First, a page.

Tuesday, March 13, 2007

NYT: "For U.S. Troops at War, Liquor Is Spur to Crime" (PvZ)

In May 2004, Specialist Justin J. Lillis got drunk on what he called "h**ji juice," a clear Iraqi moonshine smuggled onto an Army base in Balad, Iraq, by civilian contractors, and began taking potshots with his M-16 service rifle.
"He shot up some contractor’s rental car," said Phil Cave, a lawyer for Specialist Lillis, 24. "He hopped in a Humvee, drove around and shot up some more things. He shot into a housing area" and at soldiers guarding the base entrance.
Six months later, at an Army base near Baghdad, after a night of drinking an illegal stash of whiskey and gin, Specialist Chris Rolan of the Third Brigade, Third Infantry Division, pulled his 9mm service pistol on another soldier and shot him dead.
And in March 2006, in perhaps the most gruesome crime committed by American troops in Iraq, a group of 101st Airborne Division soldiers stationed in Mahmudiya raped a 14-year-old Iraqi girl and killed her and her family after drinking several cans of locally made whiskey supplied by Iraqi Army soldiers, military prosecutors said.
Alcohol, strictly forbidden by the American military in Iraq and Afghanistan, is involved in a growing number of crimes committed by troops deployed to those countries. Alcohol- and drug-related charges were involved in more than a third of all Army criminal prosecutions of soldiers in the two war zones -- 240 of the 665 cases resulting in convictions, according to records obtained by The New York Times through a Freedom of Information Act request.
Seventy-three of those 240 cases involve some of the most serious crimes committed, including murder, rape, armed robbery and assault. Sex crimes accounted for 12 of the convictions.

The above is from Paul von Zielbauer's "For U.S. Troops at War, Liquor Is Spur to Crime" in this morning's New York Times. It's an interesting article and one the Times seems to be leading on as opposed to playing catch up (i.e.: "This weekend, the Washington Post reported . . . "). I've edited a word because we don't use it here as a slur -- and tying it into alcohol is a slur. I'm sure the Times would never mind, they edit too. For instance, this is yet another article that refers to the gang rape and murder of Abeer Qasim Hamza but never manages to mention her by name.

Speaking of things that are and aren't considered news, Vic notes this from AP's "Iraqi PM visits Sunni insurgent stronghold:"

Iraq's Shiite Prime Minister on Tuesday made a groundbreaking and unannounced visit to Ramadi, the Sunni insurgent stronghold west of Baghdad, a senior staff member told The Associated Press.
The official, who spoke on condition of anonymity because he was not authorized to release the information, said Prime Minister Nouri al-Maliki had flown to the insurgent bastion Tuesday morning.

Vic notes that it's rather "sad and telling" that when the puppet leaves the safety hold of the Green Zone it's news. Agreed. And you may remember a little while ago when, flanked by an army of armed bodyguards, the fact that he stepped outside the Green Zone to other areas of Baghdad was also treated as "news." Is he supposed to be a leader or a ground hog? al-Maliki sees his shadow and that means seven more years of resistance?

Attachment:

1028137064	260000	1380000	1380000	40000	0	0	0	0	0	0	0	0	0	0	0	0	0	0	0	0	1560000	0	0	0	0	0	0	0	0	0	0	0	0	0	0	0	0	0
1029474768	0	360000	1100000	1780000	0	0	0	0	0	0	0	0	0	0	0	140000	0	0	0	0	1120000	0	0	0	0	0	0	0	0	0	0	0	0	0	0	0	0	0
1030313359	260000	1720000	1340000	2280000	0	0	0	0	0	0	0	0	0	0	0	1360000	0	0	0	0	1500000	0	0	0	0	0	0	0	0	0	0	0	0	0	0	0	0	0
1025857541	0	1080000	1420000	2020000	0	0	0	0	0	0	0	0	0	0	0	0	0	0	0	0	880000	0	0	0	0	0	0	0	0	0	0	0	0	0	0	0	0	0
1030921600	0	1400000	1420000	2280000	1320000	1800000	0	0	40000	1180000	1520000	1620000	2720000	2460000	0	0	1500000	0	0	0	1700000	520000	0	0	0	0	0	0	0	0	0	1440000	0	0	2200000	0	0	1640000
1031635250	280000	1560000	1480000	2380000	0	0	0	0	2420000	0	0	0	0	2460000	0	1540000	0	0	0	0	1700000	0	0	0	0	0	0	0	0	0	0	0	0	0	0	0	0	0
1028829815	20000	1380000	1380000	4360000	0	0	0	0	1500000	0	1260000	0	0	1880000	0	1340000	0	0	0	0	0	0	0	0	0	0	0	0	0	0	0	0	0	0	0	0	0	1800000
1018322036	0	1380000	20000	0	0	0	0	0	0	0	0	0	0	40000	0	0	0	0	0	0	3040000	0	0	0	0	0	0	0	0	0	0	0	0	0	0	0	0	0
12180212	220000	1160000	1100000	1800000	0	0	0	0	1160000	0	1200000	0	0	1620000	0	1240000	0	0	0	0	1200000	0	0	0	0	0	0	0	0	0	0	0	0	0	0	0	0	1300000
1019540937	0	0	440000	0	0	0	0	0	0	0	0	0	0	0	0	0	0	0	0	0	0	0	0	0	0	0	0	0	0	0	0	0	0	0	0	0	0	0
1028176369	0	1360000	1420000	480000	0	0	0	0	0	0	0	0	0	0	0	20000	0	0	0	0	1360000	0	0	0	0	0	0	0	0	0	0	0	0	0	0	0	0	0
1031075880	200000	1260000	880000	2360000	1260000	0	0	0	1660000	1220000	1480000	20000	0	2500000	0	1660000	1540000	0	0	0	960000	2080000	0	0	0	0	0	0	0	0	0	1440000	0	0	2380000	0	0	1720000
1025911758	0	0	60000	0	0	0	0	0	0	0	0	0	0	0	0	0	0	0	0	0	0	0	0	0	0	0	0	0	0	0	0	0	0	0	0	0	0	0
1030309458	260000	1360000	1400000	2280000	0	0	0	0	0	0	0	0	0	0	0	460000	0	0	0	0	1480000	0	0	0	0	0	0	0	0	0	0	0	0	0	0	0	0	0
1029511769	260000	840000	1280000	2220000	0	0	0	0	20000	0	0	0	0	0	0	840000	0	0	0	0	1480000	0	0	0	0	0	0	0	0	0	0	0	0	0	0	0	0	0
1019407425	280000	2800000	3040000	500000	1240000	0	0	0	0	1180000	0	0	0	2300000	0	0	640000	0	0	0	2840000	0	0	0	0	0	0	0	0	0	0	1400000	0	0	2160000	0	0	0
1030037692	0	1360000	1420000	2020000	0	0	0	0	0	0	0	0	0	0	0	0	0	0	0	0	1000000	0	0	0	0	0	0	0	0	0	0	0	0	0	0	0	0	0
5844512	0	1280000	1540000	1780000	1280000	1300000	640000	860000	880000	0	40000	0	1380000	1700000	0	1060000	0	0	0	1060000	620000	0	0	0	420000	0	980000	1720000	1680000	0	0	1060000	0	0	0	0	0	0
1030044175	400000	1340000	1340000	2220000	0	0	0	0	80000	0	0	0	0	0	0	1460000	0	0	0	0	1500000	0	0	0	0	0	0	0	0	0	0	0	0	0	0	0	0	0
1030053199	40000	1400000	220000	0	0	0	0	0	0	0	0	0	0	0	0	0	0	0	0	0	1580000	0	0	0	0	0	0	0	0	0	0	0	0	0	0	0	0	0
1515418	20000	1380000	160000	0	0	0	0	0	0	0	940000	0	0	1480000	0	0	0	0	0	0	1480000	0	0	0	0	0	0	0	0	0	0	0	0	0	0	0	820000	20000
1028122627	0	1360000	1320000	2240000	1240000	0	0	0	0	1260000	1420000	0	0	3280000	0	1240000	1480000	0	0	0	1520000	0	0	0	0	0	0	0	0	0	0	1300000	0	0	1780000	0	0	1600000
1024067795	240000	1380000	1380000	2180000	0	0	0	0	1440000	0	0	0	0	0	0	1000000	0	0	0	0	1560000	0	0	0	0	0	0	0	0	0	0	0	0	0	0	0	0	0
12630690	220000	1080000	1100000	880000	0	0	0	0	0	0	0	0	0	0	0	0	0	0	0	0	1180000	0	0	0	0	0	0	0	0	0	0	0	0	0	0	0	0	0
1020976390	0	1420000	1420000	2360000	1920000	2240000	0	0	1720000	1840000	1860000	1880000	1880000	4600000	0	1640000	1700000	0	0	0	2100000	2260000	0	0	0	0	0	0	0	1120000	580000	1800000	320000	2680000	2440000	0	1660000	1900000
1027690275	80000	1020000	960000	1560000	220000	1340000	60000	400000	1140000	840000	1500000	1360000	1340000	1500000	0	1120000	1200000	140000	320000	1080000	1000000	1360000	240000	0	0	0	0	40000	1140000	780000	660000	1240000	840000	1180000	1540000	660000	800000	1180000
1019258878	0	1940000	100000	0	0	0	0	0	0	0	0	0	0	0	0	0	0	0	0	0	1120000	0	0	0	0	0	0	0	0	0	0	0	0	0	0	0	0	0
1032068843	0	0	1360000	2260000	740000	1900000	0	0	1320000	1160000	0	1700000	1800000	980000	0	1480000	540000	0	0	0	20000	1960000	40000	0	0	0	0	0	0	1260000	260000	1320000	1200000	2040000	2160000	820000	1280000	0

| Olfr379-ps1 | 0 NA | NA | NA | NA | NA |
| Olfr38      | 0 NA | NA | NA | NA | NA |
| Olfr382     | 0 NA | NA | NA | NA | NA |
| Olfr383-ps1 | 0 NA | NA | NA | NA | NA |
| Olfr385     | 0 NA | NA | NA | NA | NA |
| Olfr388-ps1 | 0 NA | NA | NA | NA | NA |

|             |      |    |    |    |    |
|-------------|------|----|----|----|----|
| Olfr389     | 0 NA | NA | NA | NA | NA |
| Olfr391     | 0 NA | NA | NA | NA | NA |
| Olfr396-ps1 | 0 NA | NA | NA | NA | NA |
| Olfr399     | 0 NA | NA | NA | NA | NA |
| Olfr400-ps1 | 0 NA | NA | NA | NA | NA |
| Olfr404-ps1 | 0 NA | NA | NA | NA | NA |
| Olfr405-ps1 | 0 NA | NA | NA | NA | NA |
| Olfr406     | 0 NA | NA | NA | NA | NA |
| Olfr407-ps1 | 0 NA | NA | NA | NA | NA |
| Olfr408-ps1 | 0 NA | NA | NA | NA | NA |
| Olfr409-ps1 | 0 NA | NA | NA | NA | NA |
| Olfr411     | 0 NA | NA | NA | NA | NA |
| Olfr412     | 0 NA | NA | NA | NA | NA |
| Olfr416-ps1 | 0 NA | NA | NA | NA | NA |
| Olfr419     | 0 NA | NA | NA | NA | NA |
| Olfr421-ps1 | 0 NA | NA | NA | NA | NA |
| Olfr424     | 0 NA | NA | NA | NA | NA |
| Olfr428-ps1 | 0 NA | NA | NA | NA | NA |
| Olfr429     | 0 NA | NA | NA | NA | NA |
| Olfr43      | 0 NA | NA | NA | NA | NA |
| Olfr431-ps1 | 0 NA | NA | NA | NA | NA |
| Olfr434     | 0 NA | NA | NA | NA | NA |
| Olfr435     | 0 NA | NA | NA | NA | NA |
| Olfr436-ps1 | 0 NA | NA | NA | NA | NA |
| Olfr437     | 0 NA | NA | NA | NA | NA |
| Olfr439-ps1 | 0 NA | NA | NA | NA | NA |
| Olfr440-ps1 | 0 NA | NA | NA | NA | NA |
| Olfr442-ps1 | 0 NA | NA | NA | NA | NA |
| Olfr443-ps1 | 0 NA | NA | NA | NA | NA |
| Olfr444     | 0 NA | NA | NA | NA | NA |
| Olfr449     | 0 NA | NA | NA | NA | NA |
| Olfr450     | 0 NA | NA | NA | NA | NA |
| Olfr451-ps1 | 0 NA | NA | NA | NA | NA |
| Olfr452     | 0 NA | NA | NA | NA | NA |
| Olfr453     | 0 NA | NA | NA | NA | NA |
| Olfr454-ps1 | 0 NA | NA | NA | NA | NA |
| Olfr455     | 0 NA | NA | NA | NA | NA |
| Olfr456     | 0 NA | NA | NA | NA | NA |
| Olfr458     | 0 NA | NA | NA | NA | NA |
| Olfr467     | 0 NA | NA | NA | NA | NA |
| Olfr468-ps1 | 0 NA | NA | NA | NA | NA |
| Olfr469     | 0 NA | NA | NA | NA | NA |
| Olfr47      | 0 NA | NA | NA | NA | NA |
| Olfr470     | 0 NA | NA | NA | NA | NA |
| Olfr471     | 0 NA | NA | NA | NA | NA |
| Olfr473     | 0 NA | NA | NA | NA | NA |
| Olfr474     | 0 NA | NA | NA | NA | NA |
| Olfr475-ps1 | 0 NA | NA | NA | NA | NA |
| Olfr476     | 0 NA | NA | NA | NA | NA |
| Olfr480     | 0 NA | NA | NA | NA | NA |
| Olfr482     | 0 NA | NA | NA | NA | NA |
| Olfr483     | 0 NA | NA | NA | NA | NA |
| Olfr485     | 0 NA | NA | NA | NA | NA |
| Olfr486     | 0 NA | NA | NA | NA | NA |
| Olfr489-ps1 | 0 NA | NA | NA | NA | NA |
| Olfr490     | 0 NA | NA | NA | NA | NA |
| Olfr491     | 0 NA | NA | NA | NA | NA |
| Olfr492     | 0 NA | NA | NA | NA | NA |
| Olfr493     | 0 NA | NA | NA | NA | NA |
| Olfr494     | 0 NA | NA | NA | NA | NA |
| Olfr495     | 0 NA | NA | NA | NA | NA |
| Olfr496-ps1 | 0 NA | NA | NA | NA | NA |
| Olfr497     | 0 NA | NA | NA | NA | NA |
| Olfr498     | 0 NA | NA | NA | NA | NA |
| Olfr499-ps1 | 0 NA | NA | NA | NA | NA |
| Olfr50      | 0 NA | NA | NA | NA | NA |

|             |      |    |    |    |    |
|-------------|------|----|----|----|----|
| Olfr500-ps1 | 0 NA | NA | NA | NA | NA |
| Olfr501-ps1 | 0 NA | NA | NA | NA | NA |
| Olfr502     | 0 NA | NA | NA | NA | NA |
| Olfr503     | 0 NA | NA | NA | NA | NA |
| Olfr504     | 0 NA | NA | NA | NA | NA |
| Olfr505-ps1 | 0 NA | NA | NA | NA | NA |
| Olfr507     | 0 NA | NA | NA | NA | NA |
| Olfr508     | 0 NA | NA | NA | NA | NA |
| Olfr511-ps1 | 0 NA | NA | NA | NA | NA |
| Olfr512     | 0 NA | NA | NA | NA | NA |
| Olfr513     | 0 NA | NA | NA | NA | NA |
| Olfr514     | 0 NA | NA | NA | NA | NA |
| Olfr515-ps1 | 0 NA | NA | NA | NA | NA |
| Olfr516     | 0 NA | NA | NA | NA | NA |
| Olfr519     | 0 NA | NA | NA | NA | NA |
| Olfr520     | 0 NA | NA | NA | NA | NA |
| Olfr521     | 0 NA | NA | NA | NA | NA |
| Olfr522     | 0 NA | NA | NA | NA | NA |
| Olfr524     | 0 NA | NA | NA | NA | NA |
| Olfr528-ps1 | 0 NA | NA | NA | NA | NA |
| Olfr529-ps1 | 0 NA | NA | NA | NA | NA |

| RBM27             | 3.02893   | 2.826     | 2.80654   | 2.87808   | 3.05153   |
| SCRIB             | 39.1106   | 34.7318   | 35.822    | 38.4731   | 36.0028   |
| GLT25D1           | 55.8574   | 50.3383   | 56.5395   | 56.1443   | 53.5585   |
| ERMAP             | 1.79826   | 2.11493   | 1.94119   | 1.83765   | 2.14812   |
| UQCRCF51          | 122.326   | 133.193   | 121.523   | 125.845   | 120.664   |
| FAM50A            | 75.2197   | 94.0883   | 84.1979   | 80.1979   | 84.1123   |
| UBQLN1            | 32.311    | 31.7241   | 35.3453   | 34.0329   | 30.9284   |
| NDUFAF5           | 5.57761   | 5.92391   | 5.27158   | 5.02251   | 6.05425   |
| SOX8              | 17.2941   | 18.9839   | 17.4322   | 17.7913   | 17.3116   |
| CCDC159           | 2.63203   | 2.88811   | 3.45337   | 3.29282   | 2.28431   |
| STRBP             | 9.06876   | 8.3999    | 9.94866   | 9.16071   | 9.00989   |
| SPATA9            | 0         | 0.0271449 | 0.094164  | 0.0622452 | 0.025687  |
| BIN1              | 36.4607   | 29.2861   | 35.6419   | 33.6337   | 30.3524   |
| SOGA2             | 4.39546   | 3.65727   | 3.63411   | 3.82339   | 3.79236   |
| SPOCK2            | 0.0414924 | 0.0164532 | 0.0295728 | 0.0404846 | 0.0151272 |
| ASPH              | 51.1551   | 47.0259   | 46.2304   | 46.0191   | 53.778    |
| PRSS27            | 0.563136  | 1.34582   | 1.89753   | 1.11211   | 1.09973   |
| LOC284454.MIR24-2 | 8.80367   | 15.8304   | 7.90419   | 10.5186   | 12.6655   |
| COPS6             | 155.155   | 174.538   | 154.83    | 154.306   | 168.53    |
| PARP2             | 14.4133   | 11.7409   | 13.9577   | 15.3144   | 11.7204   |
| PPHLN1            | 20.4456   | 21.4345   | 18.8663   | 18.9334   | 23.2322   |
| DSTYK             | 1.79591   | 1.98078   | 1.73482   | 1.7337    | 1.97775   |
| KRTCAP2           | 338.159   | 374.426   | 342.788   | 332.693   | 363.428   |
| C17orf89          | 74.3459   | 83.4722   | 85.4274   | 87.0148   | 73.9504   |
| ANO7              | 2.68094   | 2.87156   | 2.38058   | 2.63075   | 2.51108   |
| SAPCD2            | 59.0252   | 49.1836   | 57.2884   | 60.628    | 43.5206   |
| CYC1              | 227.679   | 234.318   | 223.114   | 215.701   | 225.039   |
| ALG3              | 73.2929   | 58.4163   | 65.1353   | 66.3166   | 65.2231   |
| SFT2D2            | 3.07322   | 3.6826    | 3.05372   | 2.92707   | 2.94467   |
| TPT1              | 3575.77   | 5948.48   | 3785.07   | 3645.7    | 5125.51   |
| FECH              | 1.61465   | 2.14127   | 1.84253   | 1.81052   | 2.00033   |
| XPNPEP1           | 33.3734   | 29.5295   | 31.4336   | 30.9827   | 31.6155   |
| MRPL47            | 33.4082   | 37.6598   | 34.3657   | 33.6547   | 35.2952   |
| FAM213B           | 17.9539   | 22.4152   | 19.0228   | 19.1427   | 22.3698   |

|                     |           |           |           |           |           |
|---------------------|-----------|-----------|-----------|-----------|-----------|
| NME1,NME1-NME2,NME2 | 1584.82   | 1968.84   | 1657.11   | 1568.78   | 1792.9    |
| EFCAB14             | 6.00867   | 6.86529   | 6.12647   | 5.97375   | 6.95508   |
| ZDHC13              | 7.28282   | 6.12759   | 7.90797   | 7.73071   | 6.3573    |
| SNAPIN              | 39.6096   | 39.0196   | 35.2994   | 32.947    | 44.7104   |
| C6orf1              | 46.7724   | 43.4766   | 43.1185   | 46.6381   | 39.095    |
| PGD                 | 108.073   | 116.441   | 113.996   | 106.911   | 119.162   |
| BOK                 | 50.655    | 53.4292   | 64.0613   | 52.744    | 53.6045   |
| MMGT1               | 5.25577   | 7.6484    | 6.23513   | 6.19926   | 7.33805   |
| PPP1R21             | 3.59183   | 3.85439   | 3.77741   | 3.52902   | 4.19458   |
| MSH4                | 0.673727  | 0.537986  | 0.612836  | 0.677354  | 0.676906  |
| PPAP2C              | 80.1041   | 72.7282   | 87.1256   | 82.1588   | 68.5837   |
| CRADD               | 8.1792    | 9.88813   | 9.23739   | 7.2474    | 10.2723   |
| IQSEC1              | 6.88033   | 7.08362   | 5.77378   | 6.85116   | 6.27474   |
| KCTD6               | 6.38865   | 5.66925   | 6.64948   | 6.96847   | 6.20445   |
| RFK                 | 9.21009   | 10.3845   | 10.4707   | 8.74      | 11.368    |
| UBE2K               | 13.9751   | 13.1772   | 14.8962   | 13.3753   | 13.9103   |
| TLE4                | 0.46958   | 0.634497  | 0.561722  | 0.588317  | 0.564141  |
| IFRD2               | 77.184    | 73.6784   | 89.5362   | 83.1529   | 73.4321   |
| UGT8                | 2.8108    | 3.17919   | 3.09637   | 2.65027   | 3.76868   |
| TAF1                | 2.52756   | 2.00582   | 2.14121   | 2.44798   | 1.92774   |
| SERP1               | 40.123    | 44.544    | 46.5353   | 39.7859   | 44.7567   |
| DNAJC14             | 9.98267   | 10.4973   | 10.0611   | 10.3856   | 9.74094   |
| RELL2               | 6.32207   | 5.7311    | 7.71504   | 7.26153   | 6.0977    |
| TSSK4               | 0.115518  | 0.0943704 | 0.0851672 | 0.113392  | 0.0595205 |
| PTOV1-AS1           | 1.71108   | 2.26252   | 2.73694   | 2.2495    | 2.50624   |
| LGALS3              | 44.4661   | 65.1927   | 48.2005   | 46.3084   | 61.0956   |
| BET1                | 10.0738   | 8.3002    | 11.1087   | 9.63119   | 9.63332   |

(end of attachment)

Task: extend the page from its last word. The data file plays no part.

Zach notes Jeff Yang's "Asian Pop" (San Francisco Chronicle) and zooms in on the section about Ehren Watada:

CAAM's evolutionary throughline might be visible in its production of Curtis Choy's "Watada, Resister," an 18-minute mini-film documenting the historic conversation between Lt. Ehren Watada, the Japanese American soldier who is facing court martial as the first U.S. commissioned officer to refuse deployment to the Iraq War, and Frank Emi and Yosh Kuromiya, Nisei resisters of a generation before, who rejected service in the U.S. military as a protest against the internment of their friends and family.
By connecting Watada with these moral forebears, the work connects yesterday to today, bringing the legacy of history to the dynamic, shifting playing field of the present. The medium is as much a message as the content: "Watada, Resister" was released directly to the Internet as a streaming and downloadable video.
"Curtis came to us saying, 'We have to tell this story, but I don't want to wait two years to do this for PBS, and I don't want to raise a lot of money,'" says Gong. "We pulled together a few thousand dollars to cover the costs of a crew up in Seattle and in L.A., and Curtis did his own editing, while our staff pulled together the contextual narrative to give people a way to understand the material. And literally, that was it. This was a story that needed to be told now, and this gave us a way to tell it."
Which ultimately helped convert Choy from adamant Web-video resister to at least a grudging supporter of the technology as a necessary evil. "I designed it as a quick work for viral dissemination via internet, hoping it would generate more support for Watada," says Choy, in an interview on CAAM's site. "This, after declaring the general free-for-all video sites [to be] massive garbage heaps. But it is possible to make intelligent use of it. Just because the bus has puke-a-rama on the floor doesn't mean the bus is no good."

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